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Indonesian Ministries Pledge One Health Collaboration

FAO Assistant Director-General Kundhavi Kadiresan delivers her keynote speech during the seminar
16/03/2017

Indonesia has confirmed its commitment to advance One Health collaboration, with five ministries issuing a joint communique recently on the implementation of One Health in the country, to respond to emerging disease threats and address global health challenges including Antimicrobial Resistance (AMR).

Gathered during the seminar on “One Health Stakeholders Collaboration – Action on Antimicrobial Resistance” held by FAO Indonesia in Jakarta on 16 March 2017, the Ministry of Agriculture (MOA), the Ministry of Health (MOH), the Ministry of Environment and Forestry (MOEF), the Ministry of Marine Affairs and Fisheries (MMAF), and the Coordinating Ministry of Human Development and Culture (Kemenko PMK) recognised that health security is a shared responsibility that cannot be achieved by a single actor or sector of government.

“The One Health approach leverages the idea that problems impacting the health of humans, animals, and the environment can only be solved by working together across sectors. This recognises our interdependence and connectivity, and requires improved stakeholder communication, cooperation, and collaboration across disciplines and institutions, which ultimately will lead to sustainable public health and wellbeing,” said Naalih Kelsum, Deputy Assistant for Health Improvement Coordination, Kemenko PMK, reading out the joint communique before the press, accompanied by high-level officials from four other ministries.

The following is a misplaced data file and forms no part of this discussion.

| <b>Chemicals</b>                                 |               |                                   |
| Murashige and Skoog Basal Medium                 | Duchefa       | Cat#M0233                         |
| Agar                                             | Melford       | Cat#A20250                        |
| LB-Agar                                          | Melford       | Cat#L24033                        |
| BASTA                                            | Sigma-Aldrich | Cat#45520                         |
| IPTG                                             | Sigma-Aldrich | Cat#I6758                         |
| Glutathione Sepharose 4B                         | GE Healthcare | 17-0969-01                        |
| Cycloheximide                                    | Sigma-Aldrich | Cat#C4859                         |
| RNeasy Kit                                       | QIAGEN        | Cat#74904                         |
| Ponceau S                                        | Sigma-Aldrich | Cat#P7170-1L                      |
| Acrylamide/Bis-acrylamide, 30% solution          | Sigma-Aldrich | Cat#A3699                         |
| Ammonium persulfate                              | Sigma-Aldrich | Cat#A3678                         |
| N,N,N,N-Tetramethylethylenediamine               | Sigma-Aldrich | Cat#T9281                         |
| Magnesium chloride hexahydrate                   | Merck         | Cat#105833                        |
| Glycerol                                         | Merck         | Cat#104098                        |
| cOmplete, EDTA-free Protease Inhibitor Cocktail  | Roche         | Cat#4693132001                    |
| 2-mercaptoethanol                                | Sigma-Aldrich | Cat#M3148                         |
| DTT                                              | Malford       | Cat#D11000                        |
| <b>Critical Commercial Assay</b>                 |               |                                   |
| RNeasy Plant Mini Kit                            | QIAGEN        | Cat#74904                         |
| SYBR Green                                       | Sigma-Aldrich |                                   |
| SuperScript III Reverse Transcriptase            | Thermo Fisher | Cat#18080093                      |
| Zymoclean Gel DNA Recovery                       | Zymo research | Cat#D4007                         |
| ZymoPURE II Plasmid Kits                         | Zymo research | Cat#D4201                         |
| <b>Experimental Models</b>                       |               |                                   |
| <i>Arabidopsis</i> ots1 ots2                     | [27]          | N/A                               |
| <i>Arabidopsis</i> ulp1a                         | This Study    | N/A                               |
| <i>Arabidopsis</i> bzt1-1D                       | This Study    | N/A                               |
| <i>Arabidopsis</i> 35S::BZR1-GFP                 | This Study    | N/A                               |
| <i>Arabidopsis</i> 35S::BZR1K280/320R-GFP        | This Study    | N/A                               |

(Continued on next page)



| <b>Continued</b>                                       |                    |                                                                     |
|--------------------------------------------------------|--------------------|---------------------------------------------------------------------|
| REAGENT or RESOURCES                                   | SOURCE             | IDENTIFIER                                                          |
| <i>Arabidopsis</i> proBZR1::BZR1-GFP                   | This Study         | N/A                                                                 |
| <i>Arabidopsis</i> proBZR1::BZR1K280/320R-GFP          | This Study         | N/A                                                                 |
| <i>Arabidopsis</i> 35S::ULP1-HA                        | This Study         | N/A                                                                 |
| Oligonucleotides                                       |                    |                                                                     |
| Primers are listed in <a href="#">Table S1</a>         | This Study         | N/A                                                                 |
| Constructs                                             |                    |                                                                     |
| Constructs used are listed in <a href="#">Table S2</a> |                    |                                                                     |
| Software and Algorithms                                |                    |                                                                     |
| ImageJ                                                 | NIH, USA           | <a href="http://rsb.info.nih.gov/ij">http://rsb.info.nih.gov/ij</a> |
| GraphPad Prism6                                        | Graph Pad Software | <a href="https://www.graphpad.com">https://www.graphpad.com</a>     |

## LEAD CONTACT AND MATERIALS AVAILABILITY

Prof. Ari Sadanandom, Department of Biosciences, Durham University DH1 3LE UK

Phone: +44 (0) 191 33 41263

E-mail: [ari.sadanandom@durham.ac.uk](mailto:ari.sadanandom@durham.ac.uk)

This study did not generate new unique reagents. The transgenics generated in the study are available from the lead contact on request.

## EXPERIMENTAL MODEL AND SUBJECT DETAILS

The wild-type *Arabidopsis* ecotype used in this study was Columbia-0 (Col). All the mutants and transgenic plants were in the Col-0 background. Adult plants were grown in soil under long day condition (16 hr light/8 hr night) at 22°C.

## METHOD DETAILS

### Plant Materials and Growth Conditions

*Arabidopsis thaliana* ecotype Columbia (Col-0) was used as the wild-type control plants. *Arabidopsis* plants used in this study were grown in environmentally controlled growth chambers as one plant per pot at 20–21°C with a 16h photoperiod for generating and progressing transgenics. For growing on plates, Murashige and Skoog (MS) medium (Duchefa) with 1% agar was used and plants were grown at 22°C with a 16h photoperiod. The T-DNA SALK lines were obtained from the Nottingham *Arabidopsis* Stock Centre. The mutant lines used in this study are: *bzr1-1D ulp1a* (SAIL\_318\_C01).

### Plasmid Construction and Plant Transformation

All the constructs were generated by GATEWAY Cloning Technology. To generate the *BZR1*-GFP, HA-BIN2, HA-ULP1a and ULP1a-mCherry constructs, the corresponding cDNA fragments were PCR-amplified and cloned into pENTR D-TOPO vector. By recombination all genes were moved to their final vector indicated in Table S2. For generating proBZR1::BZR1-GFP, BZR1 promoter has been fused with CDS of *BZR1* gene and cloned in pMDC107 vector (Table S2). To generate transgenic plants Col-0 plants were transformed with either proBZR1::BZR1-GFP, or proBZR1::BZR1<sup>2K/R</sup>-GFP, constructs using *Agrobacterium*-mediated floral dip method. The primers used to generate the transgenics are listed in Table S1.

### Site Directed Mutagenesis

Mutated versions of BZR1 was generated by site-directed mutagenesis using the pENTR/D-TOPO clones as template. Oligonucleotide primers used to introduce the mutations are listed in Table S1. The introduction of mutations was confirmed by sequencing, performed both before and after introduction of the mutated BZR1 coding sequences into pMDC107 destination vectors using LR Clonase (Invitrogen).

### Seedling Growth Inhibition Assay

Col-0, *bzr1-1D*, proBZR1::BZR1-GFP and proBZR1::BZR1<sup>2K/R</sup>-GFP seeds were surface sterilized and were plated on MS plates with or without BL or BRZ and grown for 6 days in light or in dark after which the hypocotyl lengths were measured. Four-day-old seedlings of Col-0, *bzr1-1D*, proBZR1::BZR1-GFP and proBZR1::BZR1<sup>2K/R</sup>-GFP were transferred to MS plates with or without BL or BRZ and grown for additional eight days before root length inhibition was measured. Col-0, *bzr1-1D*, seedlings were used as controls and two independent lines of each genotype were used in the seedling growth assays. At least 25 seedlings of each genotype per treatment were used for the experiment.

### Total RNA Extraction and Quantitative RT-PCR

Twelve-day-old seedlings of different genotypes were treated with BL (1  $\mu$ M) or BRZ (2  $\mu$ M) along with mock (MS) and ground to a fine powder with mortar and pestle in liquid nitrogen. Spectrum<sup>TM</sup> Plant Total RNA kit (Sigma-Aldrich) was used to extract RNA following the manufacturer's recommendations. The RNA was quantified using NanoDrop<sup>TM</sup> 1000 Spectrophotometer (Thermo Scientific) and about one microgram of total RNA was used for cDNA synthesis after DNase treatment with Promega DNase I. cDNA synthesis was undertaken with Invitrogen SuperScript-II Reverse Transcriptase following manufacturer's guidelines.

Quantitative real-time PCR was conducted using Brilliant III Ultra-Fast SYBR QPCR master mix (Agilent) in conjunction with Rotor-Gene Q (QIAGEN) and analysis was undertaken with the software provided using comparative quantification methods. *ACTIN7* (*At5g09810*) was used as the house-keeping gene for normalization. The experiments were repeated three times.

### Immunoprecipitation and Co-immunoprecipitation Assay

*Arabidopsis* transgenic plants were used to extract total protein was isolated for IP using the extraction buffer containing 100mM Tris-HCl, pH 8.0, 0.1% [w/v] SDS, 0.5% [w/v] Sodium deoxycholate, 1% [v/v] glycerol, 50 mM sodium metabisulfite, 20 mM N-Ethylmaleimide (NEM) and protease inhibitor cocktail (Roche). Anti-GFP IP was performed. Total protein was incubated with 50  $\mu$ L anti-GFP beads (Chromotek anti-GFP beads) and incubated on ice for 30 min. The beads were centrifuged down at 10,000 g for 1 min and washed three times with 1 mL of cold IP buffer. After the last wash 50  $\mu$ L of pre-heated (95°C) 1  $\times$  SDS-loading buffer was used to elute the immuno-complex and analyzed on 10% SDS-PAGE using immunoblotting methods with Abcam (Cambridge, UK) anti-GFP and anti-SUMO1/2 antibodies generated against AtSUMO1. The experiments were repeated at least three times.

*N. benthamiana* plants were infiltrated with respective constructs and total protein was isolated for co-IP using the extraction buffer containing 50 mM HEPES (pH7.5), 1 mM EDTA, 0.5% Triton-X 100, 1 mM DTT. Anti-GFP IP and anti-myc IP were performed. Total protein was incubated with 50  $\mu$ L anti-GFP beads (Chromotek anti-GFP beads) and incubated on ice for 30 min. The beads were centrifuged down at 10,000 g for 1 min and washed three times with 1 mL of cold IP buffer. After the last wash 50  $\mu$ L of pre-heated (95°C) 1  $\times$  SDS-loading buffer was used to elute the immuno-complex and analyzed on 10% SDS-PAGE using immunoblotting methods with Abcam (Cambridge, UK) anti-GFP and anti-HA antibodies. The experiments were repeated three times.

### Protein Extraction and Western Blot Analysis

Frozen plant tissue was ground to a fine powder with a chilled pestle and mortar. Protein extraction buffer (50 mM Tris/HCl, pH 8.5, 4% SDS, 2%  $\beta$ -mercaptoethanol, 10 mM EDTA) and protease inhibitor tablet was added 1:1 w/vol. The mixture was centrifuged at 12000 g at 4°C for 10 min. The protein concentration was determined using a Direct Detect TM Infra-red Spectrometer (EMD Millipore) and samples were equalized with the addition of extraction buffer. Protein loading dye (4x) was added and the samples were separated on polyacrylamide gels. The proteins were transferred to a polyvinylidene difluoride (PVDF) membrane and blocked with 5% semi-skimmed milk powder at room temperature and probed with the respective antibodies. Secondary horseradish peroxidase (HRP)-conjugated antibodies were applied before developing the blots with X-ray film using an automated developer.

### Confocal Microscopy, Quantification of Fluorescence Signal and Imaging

“The multi-sectoral development of the Indonesia AMR National Action Plan, technically led by the Ministry of Health, but with strong inter-sectoral inputs from the Ministry of Agriculture, the Ministry of Environment and Forestry and the Ministry of Marine Affairs and Fisheries is a good example of how the different sectors can work together under the One Health umbrella to address health threats,” he added.

FAO Assistant Director-General Kundhavi Kadiresan, who presented during the event, said that the presence of various ministries during the event was “an indication of the commitment of the Indonesian government not only to address antimicrobial resistance but to address it in a One Health manner.”

Through a One Health approach, as Kadiresan pointed out, the joint communique highlights the five ministries’ commitment to work together to: 

  1. Undertake One Health-driven risk mapping to help inform programme direction and synergies within and across ministries;
  2. Address the major threat of AMR in Indonesia and urgent problem of inappropriate antimicrobial usage in people and food production through strengthened regulatory frameworks, and commitment of adequate financing and human resources to national AMR control programmes;
  3. Raise awareness and improve communication about the importance and relevance of Zoonoses and One Health to the public and to policy- and decision-makers, including the concerned technical ministries, the coordinating ministry and also the ministries of finance, development planning, internal affairs, foreign affairs, communication and information;